After reading & liking A Game of Hide and Seek, I wanted to read another Elizabeth Taylor novel I liked as much as Mrs Palfrey at the Claremont. A View of the Harbour, set in a drab seaside town, immediately appealed to my imagination. A seaside tourist destination in the off season seems like a party where the guests don’t show– sad, neglected, with all the glamour and excitement gone. A View of the Harbour is a marvelous look into the lives of a diverse handful of locals who live on the Harbour in Newby in an area known as ‘the old town’ while the ‘New Town’ has grown and expanded around another coastal point. The “pulsing” light from the reassuring presence of the lighthouse guides sailors on the majestic ocean, and there’s the subtle idea that while various passions simmer amongst Taylor’s characters, they lack any such guidance when making their decisions. Instead they employ various coping mechanisms to endure their lives.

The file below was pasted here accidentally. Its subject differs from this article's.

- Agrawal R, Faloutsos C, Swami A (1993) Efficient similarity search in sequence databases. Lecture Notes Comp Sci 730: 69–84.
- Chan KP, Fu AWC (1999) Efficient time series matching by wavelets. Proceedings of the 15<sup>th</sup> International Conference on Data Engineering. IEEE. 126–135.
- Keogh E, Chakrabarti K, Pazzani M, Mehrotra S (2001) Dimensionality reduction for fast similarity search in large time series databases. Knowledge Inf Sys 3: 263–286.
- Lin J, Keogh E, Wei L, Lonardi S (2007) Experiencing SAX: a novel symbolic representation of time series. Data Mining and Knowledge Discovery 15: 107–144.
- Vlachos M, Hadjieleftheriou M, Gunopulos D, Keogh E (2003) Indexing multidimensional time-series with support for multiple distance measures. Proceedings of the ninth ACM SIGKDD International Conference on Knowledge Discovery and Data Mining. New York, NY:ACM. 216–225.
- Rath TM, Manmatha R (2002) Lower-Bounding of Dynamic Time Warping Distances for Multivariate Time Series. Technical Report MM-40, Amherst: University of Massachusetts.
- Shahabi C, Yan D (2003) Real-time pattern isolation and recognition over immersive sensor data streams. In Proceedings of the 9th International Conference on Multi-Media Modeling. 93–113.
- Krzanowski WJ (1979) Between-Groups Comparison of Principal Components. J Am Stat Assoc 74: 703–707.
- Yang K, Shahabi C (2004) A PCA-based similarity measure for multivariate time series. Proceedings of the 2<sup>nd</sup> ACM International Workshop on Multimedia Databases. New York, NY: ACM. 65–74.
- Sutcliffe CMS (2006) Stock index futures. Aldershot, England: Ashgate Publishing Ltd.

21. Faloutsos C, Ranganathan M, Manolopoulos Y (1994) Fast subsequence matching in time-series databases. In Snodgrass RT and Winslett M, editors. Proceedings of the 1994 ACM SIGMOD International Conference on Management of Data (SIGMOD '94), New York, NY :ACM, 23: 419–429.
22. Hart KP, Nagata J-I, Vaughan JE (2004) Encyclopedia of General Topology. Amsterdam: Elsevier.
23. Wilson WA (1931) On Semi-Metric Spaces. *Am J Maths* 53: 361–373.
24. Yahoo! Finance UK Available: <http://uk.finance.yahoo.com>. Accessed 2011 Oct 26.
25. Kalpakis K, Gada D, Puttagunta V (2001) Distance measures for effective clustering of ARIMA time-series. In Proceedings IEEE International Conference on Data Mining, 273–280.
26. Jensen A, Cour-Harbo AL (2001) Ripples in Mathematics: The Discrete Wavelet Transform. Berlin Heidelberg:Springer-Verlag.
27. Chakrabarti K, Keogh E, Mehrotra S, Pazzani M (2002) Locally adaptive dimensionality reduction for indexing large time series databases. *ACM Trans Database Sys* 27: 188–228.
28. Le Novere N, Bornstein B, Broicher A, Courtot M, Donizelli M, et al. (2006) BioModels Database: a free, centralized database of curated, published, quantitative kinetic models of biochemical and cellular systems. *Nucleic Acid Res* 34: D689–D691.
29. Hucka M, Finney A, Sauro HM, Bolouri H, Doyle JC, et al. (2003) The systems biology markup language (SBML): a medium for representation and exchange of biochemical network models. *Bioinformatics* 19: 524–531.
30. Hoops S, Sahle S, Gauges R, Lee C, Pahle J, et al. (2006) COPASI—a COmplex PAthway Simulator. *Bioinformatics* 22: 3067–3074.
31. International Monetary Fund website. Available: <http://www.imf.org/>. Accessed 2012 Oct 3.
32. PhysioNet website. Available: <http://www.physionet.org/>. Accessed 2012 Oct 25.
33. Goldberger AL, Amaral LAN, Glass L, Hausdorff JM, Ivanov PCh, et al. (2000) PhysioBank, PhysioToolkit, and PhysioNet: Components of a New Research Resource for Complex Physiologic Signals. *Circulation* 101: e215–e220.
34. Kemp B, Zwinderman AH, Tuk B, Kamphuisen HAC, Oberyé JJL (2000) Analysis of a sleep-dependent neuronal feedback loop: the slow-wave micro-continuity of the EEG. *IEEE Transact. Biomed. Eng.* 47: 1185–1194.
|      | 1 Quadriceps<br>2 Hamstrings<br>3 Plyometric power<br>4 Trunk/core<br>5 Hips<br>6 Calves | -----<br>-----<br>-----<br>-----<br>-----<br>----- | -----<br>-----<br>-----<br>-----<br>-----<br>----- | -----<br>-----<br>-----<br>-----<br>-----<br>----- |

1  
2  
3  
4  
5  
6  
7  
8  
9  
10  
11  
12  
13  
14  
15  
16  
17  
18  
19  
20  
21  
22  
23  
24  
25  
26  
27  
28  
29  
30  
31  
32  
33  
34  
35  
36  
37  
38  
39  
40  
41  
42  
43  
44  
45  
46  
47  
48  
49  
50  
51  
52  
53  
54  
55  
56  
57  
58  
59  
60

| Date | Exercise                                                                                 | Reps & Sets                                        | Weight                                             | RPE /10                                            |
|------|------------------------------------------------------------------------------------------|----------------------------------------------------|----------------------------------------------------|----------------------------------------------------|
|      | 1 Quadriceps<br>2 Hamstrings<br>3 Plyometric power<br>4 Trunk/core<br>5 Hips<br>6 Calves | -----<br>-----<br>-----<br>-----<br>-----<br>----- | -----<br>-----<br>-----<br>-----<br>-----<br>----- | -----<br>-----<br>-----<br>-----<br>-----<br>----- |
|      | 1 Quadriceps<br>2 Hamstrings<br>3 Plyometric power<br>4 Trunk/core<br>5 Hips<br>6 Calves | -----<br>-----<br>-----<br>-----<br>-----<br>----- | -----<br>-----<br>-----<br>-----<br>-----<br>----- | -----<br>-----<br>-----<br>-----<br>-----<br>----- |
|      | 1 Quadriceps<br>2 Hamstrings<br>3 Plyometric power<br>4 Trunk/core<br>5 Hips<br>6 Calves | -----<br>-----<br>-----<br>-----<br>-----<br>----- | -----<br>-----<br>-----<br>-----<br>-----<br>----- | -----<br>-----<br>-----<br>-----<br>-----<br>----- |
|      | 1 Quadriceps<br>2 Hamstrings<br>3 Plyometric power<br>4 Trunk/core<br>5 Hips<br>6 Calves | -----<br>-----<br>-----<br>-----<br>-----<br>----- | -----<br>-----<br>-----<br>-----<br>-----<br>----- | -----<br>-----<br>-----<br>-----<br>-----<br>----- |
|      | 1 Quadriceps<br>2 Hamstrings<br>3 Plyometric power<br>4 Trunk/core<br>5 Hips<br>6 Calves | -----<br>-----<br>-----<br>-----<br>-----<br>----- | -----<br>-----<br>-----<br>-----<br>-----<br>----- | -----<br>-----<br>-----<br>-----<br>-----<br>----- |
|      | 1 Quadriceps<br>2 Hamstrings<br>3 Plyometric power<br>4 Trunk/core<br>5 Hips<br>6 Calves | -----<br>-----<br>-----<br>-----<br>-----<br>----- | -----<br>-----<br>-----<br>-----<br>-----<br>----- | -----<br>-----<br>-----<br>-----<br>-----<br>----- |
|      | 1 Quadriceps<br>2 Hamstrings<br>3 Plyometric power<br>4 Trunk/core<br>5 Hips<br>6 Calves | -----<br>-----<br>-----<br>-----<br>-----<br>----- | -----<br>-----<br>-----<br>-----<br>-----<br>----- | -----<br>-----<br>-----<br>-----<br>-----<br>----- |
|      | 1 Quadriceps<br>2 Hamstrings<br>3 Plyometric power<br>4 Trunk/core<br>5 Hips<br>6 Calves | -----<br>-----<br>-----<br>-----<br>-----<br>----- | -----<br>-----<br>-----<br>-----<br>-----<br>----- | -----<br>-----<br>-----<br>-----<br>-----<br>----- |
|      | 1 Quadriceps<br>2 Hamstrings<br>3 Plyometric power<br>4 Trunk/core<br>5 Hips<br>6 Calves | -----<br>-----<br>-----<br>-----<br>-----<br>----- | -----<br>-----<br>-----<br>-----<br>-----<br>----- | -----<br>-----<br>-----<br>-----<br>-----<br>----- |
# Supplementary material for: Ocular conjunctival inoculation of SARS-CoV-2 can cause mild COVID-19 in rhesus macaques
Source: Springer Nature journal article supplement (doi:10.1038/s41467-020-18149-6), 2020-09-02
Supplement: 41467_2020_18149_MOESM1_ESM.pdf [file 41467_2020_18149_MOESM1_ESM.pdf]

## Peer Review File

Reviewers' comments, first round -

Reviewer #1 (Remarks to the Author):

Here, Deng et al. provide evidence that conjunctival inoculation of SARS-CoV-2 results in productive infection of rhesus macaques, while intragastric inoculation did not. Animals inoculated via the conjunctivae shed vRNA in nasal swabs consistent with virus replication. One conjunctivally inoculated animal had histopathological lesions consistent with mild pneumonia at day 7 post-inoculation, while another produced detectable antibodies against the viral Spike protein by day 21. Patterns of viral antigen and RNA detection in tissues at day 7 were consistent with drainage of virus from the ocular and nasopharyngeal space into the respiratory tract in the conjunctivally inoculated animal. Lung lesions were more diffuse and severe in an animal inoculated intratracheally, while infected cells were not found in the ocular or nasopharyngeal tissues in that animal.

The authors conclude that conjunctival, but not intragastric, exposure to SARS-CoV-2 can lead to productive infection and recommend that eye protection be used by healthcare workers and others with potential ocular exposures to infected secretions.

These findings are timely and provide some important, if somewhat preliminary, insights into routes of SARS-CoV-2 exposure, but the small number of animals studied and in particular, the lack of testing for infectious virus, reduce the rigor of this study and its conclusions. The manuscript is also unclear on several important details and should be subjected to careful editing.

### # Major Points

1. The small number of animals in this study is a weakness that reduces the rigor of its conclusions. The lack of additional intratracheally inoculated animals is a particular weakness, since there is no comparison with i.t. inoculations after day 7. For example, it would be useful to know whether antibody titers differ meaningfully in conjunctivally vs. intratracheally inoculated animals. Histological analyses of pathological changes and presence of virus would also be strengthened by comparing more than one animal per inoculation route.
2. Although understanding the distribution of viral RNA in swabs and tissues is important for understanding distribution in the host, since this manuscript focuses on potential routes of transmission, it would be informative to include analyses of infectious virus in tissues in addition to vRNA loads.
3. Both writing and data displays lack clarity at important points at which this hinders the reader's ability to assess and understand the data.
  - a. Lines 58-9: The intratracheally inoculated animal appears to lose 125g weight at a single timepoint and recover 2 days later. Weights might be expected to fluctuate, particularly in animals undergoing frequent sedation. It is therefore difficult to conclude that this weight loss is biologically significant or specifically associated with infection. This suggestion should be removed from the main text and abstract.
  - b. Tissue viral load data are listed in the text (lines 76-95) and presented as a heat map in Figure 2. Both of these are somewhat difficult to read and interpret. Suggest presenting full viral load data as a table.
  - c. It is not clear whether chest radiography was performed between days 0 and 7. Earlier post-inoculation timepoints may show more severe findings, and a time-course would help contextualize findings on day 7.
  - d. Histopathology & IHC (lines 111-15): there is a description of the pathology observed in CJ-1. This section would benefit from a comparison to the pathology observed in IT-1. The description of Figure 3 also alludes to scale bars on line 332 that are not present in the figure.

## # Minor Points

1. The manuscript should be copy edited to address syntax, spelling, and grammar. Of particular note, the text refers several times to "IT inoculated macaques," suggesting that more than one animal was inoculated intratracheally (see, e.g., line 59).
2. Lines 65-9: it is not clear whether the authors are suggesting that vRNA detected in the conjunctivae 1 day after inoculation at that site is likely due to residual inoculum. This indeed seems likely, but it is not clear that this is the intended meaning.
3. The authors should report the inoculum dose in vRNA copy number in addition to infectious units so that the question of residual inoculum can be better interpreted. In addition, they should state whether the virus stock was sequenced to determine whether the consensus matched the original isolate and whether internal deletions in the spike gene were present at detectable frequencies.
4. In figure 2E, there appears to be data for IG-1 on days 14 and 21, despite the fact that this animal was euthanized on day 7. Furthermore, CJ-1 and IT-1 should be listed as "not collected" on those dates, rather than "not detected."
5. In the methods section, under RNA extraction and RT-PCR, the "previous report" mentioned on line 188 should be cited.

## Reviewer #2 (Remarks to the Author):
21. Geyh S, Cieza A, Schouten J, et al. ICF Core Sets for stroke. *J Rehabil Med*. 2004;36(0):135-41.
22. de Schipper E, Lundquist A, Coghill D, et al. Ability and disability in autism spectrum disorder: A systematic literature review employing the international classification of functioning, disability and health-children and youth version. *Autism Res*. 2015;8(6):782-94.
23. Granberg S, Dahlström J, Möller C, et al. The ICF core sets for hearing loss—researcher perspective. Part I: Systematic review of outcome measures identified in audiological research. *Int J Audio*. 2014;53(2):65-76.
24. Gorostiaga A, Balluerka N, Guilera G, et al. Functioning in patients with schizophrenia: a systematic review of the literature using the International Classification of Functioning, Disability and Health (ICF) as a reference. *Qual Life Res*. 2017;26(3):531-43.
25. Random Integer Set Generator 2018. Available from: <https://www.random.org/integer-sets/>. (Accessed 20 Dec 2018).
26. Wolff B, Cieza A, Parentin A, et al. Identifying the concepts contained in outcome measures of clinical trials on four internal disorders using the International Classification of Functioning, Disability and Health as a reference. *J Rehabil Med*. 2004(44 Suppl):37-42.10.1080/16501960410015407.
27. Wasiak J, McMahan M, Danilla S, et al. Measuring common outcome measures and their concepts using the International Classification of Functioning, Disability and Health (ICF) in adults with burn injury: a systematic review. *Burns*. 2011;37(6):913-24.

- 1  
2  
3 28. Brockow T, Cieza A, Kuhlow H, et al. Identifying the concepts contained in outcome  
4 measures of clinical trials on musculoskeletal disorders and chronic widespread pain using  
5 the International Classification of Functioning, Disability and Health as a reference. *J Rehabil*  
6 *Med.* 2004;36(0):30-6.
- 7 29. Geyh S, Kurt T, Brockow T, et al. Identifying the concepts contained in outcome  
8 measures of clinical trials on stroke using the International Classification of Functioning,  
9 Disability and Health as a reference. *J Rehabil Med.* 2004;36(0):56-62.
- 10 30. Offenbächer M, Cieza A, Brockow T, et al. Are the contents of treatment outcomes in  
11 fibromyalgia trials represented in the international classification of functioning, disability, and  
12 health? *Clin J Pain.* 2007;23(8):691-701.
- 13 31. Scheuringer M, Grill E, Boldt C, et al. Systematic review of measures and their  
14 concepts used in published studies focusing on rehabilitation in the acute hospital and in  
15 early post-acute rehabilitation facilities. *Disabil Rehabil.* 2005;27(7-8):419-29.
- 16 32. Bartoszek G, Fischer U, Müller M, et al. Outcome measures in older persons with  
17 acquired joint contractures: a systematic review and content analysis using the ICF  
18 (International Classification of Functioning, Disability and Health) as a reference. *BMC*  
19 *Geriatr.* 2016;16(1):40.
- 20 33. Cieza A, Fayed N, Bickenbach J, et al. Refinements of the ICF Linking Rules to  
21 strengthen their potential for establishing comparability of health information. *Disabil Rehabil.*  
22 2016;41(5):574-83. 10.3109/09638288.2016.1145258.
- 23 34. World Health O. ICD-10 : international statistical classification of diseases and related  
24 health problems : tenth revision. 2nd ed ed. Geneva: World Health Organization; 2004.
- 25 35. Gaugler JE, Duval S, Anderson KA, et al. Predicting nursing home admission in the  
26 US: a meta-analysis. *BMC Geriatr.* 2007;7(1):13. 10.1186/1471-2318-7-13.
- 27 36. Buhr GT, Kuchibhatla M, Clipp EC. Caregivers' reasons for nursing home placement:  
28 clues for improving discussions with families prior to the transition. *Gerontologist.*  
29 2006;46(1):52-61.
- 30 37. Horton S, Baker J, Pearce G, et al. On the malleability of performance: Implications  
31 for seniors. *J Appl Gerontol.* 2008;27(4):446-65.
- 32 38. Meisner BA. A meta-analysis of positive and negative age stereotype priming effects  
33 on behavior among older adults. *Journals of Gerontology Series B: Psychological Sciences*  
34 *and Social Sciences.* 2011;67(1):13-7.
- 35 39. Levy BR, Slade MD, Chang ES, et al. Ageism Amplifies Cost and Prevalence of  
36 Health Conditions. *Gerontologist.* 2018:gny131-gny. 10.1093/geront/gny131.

The harbour “dingy and familiar, a row of buildings, shops, café, pub, with peeling plaster of apricot and sky-blue,” is home to a handful of businesses and residences. Mrs. Beth Cazabon, a published author of weepy, emotional novels is always scribbling away, working on her plots where characters drop like flies while her doctor husband, Robert, a seemingly emotionally detached man, is on call 24/7. Beth Cazabon’s mind lives firmly with her characters, so she’s a distracted wife, a mediocre housewife and an unsatisfactory mother in the eyes of the husband who married her thinking that writing was just a phase Beth was going through. While the Cazabons’ marriage functions, its more pathological aspects are manifested through the behaviour of their two strange children: Prudence and Stevie. There’s a fifteen year difference between Prudence and Stevie which “suggested that they were haphazardly conceived.” Prudence has health problems which have isolated and infantilized her to a great extent, and her sole companions are two Siamese cats she’s constantly fussing. The younger girl, Stevie, is a fey child who wanders around the house singing hymns, given to explosive emotional tantrums and who occasionally says the most inappropriate things.